looping effects. Instead, Tsou believes that the key point of natural kinds is
their character which seems to follow a certain law. Tsou also proposes a new
definition of interactive that would not rely on the looping effects that
Hacking describes. Tsou suggests that:

“‘Interactive’ – in this context – refers
to the awareness that some objects of
classification (i.e., kinds of people) possess regarding how they are
classified. It is worth noting here that one would expect all human objects of classification to possess this characteristic,
although one would also expect there to be variability on this characteristic
depending on how aware different
kinds of people (e.g., the mentally retarded child versus the depressed adult)
are of how they are classified. All things being equal, one would expect kinds
of people who possess a greater awareness of their social environment to have a
greater susceptibility of being influenced by how they are classified.” (Tsou
2007, 337-338)

Through
Tsou’s description of an interactive kind that has to do with awareness instead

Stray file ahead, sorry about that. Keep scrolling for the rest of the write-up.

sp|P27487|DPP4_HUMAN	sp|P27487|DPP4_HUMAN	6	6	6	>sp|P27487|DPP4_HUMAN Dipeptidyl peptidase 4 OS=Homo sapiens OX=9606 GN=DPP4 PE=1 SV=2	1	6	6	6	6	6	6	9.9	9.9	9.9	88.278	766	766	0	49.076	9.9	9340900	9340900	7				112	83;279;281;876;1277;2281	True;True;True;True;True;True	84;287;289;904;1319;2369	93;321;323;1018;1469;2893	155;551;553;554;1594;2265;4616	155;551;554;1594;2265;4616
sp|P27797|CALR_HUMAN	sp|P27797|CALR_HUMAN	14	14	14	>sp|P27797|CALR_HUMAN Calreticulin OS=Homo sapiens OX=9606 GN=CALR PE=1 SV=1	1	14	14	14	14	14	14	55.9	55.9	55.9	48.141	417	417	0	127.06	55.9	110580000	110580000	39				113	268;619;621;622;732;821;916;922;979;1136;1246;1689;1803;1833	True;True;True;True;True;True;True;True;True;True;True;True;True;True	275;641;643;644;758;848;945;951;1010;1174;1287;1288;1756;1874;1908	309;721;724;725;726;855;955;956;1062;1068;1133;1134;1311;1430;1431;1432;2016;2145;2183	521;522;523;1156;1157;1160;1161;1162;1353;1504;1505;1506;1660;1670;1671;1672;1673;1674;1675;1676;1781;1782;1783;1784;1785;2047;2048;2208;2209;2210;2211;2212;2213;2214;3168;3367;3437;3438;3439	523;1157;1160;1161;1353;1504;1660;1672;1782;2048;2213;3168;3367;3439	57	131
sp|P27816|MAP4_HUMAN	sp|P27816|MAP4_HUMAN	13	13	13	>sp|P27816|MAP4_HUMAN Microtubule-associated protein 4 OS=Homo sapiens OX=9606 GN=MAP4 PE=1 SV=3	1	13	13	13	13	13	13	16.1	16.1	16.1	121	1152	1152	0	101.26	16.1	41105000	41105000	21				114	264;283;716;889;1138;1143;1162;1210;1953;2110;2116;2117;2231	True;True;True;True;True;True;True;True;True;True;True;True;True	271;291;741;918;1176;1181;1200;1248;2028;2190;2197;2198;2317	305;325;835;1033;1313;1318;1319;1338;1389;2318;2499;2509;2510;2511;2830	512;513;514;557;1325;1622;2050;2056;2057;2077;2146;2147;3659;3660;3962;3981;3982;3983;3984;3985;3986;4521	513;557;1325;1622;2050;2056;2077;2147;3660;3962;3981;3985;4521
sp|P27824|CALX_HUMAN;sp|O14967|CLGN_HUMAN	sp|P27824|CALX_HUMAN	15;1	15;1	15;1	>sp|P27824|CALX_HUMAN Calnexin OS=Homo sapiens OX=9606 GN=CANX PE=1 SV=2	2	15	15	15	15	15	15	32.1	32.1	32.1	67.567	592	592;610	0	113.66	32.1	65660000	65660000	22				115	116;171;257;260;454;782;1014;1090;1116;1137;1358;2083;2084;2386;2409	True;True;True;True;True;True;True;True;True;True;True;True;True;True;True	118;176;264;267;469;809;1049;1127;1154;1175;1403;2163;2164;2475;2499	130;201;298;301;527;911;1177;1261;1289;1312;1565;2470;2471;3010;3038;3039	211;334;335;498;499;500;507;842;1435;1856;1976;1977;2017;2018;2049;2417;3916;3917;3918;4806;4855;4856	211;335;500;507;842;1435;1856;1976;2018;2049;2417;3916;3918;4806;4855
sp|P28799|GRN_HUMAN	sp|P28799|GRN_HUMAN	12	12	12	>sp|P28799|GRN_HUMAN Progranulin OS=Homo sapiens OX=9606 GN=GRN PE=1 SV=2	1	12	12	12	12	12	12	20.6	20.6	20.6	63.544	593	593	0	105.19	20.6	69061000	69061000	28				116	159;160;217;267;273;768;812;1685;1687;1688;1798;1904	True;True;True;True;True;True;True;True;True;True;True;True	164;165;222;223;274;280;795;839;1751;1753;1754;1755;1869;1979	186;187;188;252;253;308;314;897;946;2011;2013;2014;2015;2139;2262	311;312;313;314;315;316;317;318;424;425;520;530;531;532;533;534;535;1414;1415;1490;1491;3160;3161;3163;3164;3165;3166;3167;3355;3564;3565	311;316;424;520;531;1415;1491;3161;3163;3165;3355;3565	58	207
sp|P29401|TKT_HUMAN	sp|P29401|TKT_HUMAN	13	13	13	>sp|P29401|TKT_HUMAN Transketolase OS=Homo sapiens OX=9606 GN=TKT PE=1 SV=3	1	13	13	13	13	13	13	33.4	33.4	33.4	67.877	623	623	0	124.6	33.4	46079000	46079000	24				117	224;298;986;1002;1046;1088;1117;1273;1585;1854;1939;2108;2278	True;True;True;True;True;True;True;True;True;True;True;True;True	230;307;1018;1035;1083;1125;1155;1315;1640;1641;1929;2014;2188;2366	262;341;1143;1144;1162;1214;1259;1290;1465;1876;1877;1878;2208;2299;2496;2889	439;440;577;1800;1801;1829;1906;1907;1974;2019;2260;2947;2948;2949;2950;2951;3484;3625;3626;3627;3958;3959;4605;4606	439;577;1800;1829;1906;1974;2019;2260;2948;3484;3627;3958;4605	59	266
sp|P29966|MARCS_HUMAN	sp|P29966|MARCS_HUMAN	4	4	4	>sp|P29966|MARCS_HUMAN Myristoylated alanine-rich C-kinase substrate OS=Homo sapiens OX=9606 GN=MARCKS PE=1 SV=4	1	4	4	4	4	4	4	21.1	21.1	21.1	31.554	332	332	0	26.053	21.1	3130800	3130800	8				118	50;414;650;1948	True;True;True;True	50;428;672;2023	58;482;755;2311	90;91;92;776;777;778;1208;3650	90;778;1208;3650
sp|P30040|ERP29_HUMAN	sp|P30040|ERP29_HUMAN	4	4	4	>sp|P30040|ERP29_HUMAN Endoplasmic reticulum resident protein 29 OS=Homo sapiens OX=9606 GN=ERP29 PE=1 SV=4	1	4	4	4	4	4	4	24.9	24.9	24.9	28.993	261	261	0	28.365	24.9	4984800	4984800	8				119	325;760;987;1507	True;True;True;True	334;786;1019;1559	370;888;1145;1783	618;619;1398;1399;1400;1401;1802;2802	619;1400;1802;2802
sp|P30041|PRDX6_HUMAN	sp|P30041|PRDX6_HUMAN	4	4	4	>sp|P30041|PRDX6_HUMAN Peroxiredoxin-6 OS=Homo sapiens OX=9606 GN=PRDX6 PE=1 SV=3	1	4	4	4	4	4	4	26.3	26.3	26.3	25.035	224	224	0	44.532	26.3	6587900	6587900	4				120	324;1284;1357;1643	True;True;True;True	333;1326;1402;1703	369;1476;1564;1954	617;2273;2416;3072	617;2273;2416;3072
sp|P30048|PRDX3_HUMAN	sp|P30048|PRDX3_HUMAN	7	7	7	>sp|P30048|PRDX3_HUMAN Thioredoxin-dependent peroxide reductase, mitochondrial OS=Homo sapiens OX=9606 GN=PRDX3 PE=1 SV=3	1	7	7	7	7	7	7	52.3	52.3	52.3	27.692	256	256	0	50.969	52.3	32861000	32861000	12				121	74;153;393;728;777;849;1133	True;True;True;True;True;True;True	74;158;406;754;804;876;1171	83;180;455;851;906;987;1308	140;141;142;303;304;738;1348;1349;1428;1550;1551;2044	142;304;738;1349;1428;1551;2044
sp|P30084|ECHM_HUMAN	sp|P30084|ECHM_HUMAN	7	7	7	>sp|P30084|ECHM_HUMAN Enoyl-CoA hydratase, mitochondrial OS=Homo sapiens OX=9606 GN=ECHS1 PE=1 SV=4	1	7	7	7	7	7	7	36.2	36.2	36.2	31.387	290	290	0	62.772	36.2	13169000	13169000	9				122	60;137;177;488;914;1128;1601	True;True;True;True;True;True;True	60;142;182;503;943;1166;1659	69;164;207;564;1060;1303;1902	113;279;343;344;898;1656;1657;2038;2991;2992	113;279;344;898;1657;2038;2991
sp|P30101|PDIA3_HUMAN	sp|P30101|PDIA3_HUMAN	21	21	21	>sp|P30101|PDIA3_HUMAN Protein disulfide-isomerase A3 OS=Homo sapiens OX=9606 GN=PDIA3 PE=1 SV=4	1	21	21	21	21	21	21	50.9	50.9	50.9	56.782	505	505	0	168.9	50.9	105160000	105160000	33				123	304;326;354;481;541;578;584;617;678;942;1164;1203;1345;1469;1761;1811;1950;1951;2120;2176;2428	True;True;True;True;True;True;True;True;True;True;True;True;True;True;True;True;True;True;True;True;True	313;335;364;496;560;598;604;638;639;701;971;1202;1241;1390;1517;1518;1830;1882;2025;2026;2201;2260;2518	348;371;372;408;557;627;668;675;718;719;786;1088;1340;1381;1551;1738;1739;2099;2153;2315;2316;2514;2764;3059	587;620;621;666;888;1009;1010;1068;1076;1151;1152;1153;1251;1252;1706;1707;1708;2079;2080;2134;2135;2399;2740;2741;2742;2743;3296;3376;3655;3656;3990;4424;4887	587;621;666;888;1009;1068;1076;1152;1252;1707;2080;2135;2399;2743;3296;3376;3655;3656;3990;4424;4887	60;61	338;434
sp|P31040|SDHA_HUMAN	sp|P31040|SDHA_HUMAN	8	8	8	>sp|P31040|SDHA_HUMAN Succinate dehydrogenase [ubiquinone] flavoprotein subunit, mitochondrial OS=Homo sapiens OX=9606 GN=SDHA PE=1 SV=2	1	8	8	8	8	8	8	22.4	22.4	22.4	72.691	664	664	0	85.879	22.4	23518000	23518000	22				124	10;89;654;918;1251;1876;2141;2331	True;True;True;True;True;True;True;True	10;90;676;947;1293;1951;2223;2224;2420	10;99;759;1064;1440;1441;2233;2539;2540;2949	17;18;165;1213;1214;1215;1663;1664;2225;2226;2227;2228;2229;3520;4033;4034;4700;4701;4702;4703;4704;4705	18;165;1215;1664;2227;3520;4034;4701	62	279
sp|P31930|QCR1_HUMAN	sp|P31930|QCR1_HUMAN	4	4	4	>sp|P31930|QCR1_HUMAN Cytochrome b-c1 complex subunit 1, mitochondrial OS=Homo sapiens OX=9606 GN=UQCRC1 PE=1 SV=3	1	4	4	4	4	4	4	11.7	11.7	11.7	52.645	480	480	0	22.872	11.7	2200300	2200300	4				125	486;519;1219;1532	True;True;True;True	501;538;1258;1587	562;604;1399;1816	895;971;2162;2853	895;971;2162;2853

of looping effects, it would help solve the issue of natural kinds being able
to have looping effects but not being able to be classified as interactive.

            After reading both Hacking’s account
of looping effects and the accounts of some arguments against his looping
effect, I offer my own evaluation. I do agree with Hacking that there is a
looping effect that can change objects after they are classified, but that is
the end of where I agree with him. I find my views falling more in line with
the criticisms and alterations brought forth by both Tsou and Cooper. I believe
that the looping effect is not solely something that is experienced by interactive
kinds. I agree with Tsou that interactive kinds would be more accurately
defined as the awareness that some objects have of how they were classified. As
it is, there are many natural kinds that are indifferent to how they are
classified, yet they still experience a looping effect. Like Cooper stated with